Young children learn from their family, community and immediate surroundings. Many face challenges of abuse, hunger, homelessness and other social and emotional circumstances. As teachers and educators, we benefit best when using resources and tools that assist us in teaching our students. Many of these resources include professional contacts with our teachers, doctors, social workers and families that can guide and provide answers on our students’ home life and cultural background. This week my colleagues and I were tasked to develop international contacts in our profession and converse on these issues and other trends related to the field of early childhood education. Earlier this week I reached out to contacts in the country of Ireland, Canada and Nigeria through the website for National Association of Educators for Young Children (NAEYC). I’ve yet to receive a response back.
Another resource available to us, are the various domestic and international websites that promote awareness on policy, health, social, international and other issues related to the health and welfare of young children. One site that I frequent regularly that advocates for young children is the Children’s Defense Fund (CDF), http://www.childrensdefense.org. The CDF has been providing a voice for children for more than forty years on current issues such as hunger, cyberbullying, violence in our schools, homelessness, abuse and racial inequality to name a few. One interesting article I read this week was a repost from the New York Times entitled “Time to Try Compassion, Not Censure, for Families” (Porter, 2014). Eduardo Porter, the author of the article, talks of how the focus is shifting to assist all children who are raised in single parent homes, near or at poverty level, instead of just African-American households. In the last fifty years there has been a trend of “social dysfunction” not only among African-American culture, but white and Hispanic as well ((Porter, 2014). According to Porter “36 percent of white children are born to single mothers, as are 53 percent of Hispanics. Among blacks, the figure is 72 percent” (Porter, 2014). Many now understand that the discussion cannot focus on individual ethnic groups, but how we as a nation can change the tide for these families to ensure they have the necessary resources to send their children to quality schools and get the best education they can.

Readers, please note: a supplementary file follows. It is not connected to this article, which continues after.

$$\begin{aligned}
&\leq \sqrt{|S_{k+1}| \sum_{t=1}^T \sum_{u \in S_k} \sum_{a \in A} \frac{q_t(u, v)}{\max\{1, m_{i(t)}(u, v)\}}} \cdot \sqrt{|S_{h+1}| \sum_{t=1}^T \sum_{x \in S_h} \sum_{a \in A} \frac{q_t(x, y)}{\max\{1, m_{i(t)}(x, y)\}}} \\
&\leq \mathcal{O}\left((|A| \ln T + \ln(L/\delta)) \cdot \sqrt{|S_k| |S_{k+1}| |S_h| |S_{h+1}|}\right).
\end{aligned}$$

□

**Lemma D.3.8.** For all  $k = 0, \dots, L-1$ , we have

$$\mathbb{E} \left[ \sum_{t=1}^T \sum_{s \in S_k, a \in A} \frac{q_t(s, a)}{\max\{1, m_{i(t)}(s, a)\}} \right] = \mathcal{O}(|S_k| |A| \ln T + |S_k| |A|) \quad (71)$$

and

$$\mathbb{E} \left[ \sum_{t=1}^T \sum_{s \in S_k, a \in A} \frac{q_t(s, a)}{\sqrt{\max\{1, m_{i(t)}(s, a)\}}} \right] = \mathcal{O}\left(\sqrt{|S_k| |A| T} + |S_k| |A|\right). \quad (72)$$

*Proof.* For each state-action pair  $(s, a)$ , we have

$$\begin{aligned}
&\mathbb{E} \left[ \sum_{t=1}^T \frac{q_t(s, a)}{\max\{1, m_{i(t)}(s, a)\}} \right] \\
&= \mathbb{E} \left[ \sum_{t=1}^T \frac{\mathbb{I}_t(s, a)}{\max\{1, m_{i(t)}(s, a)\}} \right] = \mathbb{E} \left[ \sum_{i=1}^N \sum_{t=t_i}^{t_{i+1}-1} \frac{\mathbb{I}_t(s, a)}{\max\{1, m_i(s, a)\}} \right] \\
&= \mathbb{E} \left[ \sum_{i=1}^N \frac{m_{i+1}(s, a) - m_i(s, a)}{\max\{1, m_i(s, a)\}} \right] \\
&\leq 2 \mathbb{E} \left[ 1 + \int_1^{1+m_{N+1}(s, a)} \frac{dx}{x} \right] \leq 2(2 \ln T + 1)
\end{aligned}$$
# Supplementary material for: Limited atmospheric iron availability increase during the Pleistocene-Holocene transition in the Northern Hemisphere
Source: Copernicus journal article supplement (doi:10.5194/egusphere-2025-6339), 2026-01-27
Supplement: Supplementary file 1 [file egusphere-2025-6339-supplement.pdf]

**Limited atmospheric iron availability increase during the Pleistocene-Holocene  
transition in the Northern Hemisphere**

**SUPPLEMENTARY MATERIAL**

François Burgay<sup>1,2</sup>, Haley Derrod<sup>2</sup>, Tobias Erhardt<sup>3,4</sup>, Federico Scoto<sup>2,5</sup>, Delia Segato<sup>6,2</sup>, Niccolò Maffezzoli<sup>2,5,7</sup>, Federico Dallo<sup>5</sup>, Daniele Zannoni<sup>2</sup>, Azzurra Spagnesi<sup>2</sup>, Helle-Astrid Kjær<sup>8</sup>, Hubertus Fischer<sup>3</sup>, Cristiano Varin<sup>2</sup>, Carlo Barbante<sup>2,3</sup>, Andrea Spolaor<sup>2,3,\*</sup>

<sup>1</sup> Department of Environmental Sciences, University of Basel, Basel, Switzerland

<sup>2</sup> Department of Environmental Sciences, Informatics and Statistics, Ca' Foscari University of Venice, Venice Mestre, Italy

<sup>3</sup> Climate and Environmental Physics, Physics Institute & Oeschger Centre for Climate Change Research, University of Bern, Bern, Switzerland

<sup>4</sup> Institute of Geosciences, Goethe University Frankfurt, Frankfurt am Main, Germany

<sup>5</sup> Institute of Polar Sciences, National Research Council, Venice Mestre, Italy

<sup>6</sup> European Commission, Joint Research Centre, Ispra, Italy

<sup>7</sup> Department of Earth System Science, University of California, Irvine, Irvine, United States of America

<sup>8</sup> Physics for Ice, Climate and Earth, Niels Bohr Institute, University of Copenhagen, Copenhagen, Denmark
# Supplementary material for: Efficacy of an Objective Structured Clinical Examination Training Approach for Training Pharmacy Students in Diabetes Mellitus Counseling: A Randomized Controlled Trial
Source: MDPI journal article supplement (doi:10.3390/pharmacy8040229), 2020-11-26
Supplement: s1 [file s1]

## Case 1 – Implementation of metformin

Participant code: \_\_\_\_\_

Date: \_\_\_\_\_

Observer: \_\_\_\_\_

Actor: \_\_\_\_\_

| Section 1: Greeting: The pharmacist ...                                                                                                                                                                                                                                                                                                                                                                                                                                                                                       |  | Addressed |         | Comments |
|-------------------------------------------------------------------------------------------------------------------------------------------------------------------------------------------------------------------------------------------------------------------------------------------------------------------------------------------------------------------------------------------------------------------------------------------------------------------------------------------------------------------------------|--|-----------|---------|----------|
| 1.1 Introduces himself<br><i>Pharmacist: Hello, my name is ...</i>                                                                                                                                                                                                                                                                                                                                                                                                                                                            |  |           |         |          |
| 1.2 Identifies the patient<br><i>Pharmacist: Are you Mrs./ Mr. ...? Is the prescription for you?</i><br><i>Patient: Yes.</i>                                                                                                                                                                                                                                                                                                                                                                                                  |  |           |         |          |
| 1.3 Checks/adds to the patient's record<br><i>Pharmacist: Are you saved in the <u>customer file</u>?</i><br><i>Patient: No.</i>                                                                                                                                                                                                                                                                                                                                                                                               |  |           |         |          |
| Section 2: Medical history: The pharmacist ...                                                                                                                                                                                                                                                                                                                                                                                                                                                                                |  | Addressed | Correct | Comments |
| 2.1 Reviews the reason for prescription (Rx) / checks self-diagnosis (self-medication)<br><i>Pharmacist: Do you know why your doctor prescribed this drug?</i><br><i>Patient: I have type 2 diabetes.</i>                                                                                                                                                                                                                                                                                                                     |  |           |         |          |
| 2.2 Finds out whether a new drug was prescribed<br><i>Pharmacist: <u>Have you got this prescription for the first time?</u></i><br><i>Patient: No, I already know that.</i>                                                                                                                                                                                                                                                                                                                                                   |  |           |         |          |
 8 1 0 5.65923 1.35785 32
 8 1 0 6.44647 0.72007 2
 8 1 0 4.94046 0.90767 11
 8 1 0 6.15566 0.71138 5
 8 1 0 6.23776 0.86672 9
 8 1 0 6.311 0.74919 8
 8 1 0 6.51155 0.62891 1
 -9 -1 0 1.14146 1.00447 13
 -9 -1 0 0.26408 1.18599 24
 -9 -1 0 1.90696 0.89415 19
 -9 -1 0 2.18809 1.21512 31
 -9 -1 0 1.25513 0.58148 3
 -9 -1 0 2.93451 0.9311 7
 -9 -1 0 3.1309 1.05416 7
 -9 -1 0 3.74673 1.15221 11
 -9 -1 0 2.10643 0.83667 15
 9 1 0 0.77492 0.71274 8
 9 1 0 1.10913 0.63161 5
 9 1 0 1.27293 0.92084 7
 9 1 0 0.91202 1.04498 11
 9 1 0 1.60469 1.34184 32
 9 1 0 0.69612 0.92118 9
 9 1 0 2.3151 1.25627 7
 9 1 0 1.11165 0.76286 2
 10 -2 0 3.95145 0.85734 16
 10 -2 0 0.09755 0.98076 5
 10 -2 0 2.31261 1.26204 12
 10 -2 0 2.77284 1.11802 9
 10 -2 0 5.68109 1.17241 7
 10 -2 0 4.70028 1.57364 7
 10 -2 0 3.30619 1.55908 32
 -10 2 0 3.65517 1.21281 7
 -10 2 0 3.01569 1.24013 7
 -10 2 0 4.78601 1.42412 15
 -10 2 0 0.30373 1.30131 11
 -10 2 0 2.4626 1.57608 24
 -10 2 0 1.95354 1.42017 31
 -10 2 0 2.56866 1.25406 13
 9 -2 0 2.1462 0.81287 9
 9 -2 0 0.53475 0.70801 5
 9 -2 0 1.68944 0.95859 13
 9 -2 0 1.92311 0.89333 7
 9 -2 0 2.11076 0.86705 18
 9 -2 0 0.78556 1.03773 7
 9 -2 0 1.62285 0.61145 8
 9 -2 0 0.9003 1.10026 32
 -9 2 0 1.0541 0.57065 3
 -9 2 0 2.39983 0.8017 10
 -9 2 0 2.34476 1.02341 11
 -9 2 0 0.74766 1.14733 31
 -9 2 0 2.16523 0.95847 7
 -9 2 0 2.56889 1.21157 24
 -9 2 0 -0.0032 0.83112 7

I look forward to reading more articles on different issues from CDF and sharing them with you.
Porter, E., (2014). Time to Try Compassion, Not Censure, for Families. Retrieved from http://www.nytimes.com/2014/03/05/business/economy/time-to-try-compassion-not-censure-for-families.html?_r=0